I mean, a note about technologies that I think is really helpful is let’s say you have a hundred companies that have paid you money, go ahead and sort by look up each technology. You can use BuiltWith for something like this. And then we have a program that will take every single technology used by every single account and we’ll see if there’s any patterns by sorting them by frequency. So we’ll say, “Oh, did you know that 40% of your customers are currently using some fancy technology.com?” And that typically gives you an insight that you never would have bothered to look for.

Jack Reamer:
That’s why I’m kind of staying away from the classic industry and company size and founded date. I mean, those are kind of easier ones. I want to look if they’re funded, the tech stack, the location. So we even map out… Clients can see like little pinpoints where all of these companies are based in and we’ve done filtering where it’s like, “Okay, yes, you have some accounts in Europe, but far more are in Austin, Texas and New York City,” so we run the campaign just on those two cities. We just try and gather as many columns of data next to every account and see the patterns that emerge. It’s like 80/20 applied to prospecting.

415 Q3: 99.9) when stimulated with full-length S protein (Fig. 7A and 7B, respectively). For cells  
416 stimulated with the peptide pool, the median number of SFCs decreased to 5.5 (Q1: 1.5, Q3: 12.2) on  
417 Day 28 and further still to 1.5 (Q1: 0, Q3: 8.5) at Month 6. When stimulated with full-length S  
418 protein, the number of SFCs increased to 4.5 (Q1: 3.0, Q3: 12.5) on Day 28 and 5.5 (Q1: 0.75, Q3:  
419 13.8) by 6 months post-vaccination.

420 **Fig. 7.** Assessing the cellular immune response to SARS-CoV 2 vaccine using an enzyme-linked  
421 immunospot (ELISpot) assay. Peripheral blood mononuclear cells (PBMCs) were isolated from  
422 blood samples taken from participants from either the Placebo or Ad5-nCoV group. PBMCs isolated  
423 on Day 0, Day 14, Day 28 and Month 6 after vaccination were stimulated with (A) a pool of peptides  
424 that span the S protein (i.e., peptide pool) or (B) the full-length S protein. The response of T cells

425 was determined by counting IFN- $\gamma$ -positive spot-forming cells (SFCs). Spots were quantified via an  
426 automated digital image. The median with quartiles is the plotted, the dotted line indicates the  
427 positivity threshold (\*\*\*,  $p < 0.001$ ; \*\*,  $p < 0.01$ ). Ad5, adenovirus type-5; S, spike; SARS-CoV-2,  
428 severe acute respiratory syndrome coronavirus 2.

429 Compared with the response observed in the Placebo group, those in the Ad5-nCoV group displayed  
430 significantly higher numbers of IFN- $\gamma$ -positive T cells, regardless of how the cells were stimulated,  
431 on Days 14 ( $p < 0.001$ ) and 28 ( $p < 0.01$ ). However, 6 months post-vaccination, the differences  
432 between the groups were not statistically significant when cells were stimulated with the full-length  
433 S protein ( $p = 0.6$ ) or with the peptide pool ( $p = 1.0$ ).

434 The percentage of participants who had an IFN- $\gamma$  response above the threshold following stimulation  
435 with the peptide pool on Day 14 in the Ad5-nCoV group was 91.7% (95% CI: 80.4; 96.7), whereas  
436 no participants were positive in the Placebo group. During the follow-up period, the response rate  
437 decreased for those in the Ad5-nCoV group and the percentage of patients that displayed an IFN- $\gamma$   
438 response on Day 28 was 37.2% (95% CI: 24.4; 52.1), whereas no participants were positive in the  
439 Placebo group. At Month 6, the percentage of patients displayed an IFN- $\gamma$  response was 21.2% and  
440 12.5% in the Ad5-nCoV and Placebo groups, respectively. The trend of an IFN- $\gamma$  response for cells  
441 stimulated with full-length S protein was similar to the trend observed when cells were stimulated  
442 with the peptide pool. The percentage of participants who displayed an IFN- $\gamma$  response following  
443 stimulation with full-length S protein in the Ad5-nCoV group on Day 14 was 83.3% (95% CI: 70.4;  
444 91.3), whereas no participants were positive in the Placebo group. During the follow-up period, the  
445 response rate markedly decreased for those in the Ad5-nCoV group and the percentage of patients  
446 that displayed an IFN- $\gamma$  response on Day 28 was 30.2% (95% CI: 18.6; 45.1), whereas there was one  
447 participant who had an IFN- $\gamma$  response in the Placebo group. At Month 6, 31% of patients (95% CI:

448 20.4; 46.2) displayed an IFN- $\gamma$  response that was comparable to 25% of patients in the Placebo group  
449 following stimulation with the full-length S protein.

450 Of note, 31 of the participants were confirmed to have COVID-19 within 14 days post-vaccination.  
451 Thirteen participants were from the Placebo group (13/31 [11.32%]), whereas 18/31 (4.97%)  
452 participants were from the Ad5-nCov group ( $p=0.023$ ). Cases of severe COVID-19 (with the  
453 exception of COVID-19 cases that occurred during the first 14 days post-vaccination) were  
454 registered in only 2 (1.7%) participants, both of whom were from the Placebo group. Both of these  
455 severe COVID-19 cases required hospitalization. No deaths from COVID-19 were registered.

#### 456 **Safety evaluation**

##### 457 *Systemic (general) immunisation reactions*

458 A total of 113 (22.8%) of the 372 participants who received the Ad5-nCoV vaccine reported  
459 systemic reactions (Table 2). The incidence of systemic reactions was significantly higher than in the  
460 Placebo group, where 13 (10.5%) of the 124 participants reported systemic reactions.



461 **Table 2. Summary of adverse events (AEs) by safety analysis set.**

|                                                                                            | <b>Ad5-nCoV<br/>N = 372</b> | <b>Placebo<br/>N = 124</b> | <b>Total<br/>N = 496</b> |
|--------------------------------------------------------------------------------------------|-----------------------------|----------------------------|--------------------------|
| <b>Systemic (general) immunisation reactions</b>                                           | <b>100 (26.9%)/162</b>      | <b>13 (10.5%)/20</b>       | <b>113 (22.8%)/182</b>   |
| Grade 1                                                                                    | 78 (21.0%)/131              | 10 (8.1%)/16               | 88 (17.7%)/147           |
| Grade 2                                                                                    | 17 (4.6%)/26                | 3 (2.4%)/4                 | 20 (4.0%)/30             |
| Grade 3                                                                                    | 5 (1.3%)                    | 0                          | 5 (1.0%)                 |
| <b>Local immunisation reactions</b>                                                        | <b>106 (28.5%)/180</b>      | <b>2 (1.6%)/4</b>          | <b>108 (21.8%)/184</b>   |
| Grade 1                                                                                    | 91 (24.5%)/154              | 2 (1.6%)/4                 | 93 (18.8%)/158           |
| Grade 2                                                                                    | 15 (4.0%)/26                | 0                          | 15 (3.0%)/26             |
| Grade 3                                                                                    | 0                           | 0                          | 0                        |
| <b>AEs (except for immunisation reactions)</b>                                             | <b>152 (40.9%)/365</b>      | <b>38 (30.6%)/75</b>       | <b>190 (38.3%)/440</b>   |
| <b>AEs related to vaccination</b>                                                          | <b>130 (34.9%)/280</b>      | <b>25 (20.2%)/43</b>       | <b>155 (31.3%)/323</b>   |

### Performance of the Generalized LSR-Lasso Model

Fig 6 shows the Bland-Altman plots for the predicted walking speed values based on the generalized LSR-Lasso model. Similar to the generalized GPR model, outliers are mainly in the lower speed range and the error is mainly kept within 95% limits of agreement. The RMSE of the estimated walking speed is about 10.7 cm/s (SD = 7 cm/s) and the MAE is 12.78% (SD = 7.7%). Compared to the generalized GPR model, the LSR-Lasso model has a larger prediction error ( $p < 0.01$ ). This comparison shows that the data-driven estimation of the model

Liston Witherill:
Here’s the counter argument to what you just said though. So let’s take your example of we think that we’re serving a global audience, but they’re mainly in Austin, Texas and New York. Well, that could be because there’s more startups of a certain type in that area and the word of mouth is stronger, and so we’re getting a networking effect.

Liston Witherill:
One of the problems that I have with just looking backwards as our method for choosing who our ideal prospect is, is we could have landed those clients totally by accident. There could have been like no articulated strategy. And I think one of the promises of outbound for a lot of companies is now I get to choose who I approach and I can have maybe a more proactive or thoughtful or try a new market, something like that. Do you see that as a trade off ever? When I’m looking backwards, I’m losing the opportunity to sort of choose what my next market is?

Jack Reamer:
We learn way more than we would have by scrapping this process. So what’s kind of nice is there’s a quantitative approach and then we have a discussion about it. So we’ll say, “Hey, here’s what we learned. Did you know eight out of ten clients you have are in Austin and New York City?” And the client has the chance to say, “Oh yeah, Jack, that’s because that’s where our HQ is and that makes a lot of sense because our team members are located there.” So if that’s the case, then it’s like, “Okay, great. Let’s go to the next pattern that we saw,” and, “Hey, is this worth looking into? Did you know that most of your accounts, 60% of them are actually in automotive when you told me at first you could go after a wide variety of clients?”